Bored of boardroom sexism

// 21 October 2015

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This post contains details of episodes of The Apprentice and The Apprentice: You’re Fired, although it doesn’t discuss which teams lose or who has been fired in any week.

Minutes after The Apprentice finishes airing, Jack Dee and an array of pundits arrive on our screens to dissect the goings on of the task and the teams. This week, we were treated to a particularly neat demonstration of the differences between men and women.

Clips are shown of project manager Vana Koutsomitis clashing with fellow team member Selina Waterman-Smith, with Selina questioning Vana’s decisions but being shut down by her temporary leader. “Catty,” murmurs one pundit. Another points out that for women in business, all too often an attempt to be assertive can turn into being “stroppy”.

Immediately following this, the opposing team’s friction is shown, with this week’s project manager Joseph Valente becoming irked by last week’s project manager Richard Woods, whom he perceives to be too controlling while not negotiating well enough. The clip ends with a scene in the boardroom, which shows a not exactly articulate exchange of views. You may not be surprised to discover, however, that this behaviour – weirdly similar to that displayed by Vana and Selina – is deemed to be typical “alpha male” stuff.

Let’s be clear: neither team comes across as perfect in their approach to business. However, the way they are described makes the women seem particularly petty and unready for the challenges before them and reduces them to the level of children in a playground, while the disturbed hierarchy among the men is addressed as a more serious, adult and therefore reasonable and surmountable issue.

I know I shouldn’t expect too much from The Apprentice. This is, after all, a show which in its 11th series started off with the big reveal that teams wouldn’t be split into women and men for the first task. Even this was so novel that the teams were rearranged after the first task to be back to the much more familiar make up of members of the same gender. This is a set up that cries out for dubious comparisons to be made between women and men in business – the format itself guides us to make them.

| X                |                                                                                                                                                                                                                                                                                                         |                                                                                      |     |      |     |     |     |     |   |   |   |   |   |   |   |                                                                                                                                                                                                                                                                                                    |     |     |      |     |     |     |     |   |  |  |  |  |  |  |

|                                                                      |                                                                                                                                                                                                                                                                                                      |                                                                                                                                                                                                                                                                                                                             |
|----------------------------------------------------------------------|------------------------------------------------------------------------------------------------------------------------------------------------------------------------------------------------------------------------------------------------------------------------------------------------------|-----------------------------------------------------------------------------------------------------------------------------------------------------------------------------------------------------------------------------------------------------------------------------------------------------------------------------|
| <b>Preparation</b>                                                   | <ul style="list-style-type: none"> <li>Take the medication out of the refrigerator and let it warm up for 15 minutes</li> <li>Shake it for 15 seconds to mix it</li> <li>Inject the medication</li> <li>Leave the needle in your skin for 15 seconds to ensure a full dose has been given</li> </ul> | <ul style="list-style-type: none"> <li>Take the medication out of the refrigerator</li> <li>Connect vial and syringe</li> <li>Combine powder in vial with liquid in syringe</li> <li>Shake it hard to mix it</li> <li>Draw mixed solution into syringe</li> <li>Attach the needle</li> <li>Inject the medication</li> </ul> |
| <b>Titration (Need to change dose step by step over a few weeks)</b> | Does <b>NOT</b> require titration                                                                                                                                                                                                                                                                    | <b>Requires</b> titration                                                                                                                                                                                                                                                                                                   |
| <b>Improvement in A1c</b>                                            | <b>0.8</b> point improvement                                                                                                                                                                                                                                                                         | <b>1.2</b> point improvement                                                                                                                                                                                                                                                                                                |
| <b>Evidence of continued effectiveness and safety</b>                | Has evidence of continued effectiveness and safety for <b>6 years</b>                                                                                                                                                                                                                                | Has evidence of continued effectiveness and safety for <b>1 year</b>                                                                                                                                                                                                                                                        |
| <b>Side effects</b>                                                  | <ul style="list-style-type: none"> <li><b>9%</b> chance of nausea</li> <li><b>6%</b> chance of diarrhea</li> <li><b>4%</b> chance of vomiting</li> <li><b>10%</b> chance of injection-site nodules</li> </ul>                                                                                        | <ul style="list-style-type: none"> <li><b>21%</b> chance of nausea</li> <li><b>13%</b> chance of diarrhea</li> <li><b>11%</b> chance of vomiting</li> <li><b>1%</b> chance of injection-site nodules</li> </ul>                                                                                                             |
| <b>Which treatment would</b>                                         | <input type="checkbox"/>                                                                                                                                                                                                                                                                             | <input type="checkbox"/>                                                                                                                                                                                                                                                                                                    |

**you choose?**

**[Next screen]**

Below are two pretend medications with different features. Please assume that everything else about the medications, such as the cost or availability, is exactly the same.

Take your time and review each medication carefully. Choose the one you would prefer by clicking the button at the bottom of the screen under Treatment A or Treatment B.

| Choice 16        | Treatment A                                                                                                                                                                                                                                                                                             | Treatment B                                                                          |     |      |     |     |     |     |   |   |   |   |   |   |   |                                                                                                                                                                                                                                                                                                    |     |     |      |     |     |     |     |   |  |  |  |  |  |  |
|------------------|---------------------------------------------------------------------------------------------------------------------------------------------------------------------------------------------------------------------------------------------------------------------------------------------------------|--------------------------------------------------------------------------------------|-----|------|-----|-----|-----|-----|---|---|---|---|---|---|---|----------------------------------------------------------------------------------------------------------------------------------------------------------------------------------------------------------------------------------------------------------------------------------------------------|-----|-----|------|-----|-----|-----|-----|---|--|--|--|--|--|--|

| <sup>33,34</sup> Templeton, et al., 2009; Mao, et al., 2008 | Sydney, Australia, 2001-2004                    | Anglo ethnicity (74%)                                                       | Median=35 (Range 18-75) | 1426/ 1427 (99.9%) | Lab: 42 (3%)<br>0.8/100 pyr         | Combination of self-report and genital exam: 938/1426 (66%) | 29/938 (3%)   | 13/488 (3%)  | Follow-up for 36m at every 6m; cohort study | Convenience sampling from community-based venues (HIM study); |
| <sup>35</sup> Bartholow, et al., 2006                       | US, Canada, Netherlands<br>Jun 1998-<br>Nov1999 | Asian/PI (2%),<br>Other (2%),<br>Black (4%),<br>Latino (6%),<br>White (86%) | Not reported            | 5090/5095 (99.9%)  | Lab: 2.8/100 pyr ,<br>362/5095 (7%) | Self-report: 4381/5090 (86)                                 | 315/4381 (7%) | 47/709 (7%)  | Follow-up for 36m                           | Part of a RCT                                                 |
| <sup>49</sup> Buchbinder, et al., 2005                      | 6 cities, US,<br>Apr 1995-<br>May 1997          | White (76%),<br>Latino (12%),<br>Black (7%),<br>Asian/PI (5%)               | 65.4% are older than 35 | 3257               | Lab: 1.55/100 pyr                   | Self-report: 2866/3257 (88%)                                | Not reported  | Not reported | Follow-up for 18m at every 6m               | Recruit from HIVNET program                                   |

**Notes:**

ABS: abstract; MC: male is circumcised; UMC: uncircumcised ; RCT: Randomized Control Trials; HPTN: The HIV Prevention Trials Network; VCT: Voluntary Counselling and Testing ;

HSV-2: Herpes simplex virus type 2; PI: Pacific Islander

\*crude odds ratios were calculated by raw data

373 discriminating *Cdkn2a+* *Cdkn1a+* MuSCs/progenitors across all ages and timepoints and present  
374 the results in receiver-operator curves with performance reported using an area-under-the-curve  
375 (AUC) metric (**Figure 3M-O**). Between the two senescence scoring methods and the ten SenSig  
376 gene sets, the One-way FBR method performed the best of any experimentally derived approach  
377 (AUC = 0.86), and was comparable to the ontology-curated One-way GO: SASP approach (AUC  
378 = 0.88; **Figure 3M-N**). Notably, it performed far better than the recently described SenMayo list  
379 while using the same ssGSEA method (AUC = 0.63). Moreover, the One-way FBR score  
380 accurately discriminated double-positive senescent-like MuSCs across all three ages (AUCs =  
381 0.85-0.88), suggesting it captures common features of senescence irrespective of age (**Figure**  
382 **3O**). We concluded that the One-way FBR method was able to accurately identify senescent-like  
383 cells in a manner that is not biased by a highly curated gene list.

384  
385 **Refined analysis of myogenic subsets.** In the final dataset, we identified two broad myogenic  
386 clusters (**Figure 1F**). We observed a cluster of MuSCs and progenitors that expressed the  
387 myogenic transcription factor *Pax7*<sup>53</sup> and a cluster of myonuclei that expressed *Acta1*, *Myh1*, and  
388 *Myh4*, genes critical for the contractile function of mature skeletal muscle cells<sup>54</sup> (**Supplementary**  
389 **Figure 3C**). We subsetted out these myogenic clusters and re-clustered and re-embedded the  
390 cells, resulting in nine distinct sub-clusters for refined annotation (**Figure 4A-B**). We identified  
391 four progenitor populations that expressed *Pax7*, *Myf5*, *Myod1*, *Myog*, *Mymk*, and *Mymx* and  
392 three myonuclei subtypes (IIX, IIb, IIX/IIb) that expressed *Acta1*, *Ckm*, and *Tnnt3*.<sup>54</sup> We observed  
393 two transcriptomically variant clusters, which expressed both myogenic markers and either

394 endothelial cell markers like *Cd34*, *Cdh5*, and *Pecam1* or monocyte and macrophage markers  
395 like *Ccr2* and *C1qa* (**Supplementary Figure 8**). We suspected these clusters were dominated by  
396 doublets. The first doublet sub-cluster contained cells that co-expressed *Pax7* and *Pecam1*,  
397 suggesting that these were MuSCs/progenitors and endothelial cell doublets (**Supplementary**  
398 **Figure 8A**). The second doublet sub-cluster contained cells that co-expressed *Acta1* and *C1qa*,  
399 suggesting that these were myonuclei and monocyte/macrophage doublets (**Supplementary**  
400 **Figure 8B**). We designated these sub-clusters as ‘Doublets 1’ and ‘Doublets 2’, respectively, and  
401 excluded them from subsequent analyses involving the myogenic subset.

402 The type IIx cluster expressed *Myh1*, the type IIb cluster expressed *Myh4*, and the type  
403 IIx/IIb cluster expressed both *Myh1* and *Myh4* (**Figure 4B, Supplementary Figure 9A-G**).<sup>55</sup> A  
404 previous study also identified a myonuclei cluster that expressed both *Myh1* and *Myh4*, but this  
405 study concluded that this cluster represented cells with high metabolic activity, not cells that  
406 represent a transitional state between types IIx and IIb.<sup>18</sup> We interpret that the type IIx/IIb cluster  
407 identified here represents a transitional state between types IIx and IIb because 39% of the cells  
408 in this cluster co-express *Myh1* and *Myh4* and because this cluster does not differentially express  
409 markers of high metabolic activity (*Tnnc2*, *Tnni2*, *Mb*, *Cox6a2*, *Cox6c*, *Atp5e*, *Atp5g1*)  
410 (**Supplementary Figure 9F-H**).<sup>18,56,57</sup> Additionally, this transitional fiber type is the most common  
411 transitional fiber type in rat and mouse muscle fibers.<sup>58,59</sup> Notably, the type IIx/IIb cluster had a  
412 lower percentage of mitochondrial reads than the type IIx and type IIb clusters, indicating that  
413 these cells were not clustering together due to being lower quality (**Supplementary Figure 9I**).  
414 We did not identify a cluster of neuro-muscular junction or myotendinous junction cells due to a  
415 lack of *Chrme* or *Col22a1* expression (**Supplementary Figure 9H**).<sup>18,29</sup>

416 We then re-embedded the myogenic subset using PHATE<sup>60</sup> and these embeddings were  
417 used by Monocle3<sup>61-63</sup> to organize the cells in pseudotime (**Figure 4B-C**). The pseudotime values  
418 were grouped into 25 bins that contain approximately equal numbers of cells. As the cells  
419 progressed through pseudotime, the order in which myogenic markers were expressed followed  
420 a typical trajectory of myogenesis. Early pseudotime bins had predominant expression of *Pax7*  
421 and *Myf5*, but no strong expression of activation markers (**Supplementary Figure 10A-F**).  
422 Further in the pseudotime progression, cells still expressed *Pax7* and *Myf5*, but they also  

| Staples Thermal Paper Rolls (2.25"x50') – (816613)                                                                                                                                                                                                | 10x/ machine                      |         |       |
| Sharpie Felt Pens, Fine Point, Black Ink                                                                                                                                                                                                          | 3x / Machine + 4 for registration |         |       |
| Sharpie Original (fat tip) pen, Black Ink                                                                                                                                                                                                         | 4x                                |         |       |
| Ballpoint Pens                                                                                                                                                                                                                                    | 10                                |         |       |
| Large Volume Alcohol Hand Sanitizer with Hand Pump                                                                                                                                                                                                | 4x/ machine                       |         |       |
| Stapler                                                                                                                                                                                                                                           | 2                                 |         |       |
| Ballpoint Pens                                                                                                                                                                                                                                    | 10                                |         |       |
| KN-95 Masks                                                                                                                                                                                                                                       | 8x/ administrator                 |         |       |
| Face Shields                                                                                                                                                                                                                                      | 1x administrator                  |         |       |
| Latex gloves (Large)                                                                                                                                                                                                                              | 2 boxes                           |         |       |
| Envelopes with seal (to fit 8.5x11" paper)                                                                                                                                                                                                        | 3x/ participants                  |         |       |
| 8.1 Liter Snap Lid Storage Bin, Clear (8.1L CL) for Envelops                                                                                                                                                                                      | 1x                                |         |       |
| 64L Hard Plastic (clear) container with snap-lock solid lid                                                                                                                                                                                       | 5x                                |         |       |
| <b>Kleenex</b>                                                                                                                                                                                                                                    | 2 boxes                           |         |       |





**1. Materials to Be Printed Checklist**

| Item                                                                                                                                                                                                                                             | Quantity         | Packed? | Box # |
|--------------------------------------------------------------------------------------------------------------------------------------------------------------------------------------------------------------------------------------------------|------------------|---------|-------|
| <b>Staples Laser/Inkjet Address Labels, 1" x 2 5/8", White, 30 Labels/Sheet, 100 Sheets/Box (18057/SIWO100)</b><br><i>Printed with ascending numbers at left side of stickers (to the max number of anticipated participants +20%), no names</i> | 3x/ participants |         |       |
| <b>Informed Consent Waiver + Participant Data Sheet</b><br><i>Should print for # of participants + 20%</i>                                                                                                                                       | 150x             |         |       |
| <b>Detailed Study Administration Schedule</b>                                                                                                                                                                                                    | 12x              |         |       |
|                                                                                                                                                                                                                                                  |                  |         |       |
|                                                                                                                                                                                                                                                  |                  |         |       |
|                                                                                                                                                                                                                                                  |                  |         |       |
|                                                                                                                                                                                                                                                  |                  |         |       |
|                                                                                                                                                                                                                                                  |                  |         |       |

So while I think the show itself is perhaps irredeemable, I still found it striking to hear a panel mark the perceived differences between the women’s and men’s teams so clearly, while showing and describing similar scenes. It underlines the barriers that women are more likely to face when trying to get ahead – after all, doesn’t it sound better to be alpha or competitive than to be catty, stroppy, bitchy or bossy? Even when women are approved of for being suitably assertive, this is often described as feistiness, which somehow comes across as more patronising than words used to describe men acting in similar ways.

I would certainly implore people who comment on business and those who appear on panels such as this one on The Apprentice: You’re Fired to consider the language they use and to think about whether they would say the same thing about a man if they are saying it about a woman. If not – why not?

There are several hundred other points that could be made about The Apprentice and its representation of women in business. This just happened to be the trigger for me this evening. And that’s only do to with how the format and show itself deal with gender – the candidates seldom cover themselves in glory when on the subject either. Is there anything that has particularly bothered you this series?

The black and white image shows a finger pointing towards the camera. A bit like when Alan fires people. But not an image from the show – this is by Marc Smith and is used under a creative commons licence.

The second image is a screengrab from the show itself, copyright Boundless and used with permission. It shows three candidates – Elle Stevenson, Vana Koutsomitis and Jenny Garbis – in the boardroom.

Comments From You

Megan Stodel // Posted 22 October 2015 at 2:19 pm

As a few people helpfully pointed out on Twitter – of course, just as using words like catty to describe women is frustrating, using words like alpha for men is also problematic – and reinforces tired assumptions about the nature of masculinity.

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